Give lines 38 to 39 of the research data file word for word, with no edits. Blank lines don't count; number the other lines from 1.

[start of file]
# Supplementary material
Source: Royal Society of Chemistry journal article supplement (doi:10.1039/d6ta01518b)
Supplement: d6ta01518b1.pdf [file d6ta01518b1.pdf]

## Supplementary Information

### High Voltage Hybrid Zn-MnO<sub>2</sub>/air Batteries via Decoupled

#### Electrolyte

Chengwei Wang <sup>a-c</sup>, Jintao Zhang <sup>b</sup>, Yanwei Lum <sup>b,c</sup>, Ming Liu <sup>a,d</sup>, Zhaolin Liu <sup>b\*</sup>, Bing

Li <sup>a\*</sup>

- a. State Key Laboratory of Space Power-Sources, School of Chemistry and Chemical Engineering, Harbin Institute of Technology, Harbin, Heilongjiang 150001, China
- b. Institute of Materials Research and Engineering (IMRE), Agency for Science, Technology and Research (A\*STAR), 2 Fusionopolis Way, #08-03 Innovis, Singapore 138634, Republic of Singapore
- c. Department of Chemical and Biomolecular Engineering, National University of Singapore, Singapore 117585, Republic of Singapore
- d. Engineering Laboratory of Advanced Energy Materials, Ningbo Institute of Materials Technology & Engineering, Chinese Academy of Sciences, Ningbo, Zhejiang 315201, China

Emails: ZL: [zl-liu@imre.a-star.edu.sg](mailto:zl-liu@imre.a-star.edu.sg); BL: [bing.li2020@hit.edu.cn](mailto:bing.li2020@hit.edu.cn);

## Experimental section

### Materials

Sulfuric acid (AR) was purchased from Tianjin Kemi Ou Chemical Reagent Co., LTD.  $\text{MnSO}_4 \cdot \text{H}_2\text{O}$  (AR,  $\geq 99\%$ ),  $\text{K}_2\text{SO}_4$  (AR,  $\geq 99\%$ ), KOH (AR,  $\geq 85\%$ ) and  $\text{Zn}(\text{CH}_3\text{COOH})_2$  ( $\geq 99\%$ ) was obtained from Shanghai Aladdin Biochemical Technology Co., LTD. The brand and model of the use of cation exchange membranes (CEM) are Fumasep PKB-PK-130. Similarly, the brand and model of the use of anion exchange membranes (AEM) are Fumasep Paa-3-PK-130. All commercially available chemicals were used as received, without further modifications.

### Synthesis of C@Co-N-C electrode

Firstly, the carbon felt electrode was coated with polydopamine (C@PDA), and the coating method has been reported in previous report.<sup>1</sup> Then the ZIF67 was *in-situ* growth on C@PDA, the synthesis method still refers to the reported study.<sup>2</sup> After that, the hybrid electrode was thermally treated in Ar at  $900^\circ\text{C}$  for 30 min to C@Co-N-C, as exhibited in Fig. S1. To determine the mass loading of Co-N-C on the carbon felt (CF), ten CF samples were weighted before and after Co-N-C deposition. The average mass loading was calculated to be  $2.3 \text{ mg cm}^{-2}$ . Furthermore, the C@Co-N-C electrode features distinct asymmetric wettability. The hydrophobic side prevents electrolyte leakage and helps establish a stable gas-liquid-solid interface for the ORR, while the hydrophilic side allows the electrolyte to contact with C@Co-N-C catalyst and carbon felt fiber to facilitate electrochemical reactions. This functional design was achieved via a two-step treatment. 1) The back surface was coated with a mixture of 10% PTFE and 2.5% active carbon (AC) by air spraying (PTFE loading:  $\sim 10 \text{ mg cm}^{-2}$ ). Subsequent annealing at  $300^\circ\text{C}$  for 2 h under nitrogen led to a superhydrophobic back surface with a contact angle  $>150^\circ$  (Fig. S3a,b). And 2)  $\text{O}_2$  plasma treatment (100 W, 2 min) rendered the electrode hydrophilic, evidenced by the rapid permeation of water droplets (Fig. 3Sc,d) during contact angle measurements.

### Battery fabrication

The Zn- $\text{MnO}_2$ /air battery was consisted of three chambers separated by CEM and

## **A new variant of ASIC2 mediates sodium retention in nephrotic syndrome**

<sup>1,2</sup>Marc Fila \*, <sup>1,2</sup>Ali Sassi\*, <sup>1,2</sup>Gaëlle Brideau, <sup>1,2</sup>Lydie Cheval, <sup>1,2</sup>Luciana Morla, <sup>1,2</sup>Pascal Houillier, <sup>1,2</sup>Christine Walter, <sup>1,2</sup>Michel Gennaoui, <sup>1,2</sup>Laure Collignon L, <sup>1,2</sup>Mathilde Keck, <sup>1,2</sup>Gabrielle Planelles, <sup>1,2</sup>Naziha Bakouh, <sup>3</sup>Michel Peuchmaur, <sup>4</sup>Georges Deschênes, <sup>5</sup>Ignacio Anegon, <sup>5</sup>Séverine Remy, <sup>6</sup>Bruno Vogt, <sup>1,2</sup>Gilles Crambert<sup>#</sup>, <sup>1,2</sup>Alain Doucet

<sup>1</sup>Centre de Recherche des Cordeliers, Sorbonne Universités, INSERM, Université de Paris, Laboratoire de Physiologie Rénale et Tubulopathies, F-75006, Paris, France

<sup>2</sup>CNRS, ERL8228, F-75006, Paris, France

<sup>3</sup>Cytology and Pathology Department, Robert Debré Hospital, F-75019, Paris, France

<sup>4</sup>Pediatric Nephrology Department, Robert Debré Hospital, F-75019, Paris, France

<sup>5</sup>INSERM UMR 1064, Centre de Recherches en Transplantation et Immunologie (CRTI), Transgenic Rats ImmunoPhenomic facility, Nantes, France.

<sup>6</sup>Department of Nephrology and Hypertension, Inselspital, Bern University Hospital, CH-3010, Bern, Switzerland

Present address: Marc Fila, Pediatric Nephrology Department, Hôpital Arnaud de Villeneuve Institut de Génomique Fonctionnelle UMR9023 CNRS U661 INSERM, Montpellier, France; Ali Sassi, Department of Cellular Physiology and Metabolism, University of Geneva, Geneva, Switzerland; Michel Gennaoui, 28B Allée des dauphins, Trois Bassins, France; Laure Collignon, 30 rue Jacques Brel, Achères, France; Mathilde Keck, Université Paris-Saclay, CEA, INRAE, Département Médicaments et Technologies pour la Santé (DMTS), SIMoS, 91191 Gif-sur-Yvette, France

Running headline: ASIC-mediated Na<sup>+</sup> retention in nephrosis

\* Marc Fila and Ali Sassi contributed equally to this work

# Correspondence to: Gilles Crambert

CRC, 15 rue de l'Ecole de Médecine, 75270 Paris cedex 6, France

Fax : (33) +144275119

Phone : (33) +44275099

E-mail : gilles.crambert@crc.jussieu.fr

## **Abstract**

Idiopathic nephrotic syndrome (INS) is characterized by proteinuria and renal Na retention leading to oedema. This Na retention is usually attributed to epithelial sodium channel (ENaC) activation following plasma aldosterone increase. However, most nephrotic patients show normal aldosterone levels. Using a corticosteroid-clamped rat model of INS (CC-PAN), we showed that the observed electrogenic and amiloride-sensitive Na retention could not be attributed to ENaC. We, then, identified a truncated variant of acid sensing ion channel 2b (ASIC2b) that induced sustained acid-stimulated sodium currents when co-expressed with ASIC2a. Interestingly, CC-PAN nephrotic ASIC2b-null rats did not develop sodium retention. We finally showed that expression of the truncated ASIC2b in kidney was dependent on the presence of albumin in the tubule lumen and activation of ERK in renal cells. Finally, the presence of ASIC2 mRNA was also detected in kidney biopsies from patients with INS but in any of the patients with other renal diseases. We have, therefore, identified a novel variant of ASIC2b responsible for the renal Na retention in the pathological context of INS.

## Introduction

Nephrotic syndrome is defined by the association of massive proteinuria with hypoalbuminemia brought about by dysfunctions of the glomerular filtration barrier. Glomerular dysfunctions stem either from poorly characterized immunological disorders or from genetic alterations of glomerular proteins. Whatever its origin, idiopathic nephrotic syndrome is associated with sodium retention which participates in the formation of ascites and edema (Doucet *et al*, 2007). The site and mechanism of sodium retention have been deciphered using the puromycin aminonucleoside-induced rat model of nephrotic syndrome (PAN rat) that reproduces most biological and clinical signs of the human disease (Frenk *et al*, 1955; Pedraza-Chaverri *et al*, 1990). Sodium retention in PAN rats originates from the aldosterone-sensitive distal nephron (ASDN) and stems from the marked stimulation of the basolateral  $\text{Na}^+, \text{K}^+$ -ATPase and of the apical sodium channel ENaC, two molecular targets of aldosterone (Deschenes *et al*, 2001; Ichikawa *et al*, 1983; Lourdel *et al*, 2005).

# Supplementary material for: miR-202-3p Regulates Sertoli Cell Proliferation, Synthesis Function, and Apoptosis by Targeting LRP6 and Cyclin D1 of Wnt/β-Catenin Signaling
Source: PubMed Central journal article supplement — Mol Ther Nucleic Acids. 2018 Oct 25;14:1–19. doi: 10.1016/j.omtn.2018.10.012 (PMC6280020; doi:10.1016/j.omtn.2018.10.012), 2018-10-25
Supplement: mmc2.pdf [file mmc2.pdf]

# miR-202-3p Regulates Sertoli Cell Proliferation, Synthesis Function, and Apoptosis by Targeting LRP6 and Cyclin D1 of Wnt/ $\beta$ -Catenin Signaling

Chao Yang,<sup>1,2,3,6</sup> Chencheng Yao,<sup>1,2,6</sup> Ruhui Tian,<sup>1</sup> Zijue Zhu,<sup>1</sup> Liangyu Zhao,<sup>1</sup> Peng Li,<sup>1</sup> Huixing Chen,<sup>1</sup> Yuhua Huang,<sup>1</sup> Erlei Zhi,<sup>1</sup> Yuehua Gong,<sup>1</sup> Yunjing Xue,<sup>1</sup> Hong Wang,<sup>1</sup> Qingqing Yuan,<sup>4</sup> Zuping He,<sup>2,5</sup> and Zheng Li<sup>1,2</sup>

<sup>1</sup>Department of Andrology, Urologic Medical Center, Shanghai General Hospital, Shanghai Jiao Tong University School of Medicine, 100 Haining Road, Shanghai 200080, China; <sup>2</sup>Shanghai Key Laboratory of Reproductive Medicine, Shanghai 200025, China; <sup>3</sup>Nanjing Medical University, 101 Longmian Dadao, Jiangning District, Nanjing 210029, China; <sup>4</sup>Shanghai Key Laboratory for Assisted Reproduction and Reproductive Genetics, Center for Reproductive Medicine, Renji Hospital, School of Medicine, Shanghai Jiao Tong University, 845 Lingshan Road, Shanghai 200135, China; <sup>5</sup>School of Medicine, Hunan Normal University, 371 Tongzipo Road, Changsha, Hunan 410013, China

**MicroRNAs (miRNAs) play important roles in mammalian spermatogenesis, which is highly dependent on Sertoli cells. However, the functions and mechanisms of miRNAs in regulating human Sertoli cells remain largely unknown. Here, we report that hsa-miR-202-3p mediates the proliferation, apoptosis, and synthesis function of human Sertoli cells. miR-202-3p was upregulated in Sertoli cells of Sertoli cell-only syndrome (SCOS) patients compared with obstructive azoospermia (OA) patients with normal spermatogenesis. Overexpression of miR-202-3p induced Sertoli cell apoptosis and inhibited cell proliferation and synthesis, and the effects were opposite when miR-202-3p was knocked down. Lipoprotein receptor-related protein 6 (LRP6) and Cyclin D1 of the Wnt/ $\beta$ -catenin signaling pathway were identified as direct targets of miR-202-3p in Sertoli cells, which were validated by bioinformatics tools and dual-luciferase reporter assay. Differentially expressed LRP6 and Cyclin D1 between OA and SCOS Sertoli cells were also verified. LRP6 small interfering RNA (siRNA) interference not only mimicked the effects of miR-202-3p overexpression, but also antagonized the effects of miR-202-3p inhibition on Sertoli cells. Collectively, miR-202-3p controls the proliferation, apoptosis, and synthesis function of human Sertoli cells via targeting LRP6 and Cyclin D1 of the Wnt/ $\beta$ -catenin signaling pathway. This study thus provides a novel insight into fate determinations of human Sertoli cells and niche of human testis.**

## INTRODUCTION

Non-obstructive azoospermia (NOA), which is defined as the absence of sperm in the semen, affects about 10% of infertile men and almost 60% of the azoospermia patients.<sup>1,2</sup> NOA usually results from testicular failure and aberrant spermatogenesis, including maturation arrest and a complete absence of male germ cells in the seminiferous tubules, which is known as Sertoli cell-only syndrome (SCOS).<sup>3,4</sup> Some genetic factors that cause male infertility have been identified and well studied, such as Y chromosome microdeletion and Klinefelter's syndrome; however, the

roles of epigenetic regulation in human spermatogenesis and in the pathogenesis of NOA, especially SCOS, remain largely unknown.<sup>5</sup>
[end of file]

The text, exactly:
Idiopathic nephrotic syndrome (INS) is characterized by proteinuria and renal Na retention leading to oedema. This Na retention is usually attributed to epithelial sodium channel (ENaC) activation following plasma aldosterone increase. However, most nephrotic patients show normal aldosterone levels. Using a corticosteroid-clamped rat model of INS (CC-PAN), we showed that the observed electrogenic and amiloride-sensitive Na retention could not be attributed to ENaC. We, then, identified a truncated variant of acid sensing ion channel 2b (ASIC2b) that induced sustained acid-stimulated sodium currents when co-expressed with ASIC2a. Interestingly, CC-PAN nephrotic ASIC2b-null rats did not develop sodium retention. We finally showed that expression of the truncated ASIC2b in kidney was dependent on the presence of albumin in the tubule lumen and activation of ERK in renal cells. Finally, the presence of ASIC2 mRNA was also detected in kidney biopsies from patients with INS but in any of the patients with other renal diseases. We have, therefore, identified a novel variant of ASIC2b responsible for the renal Na retention in the pathological context of INS.

## Introduction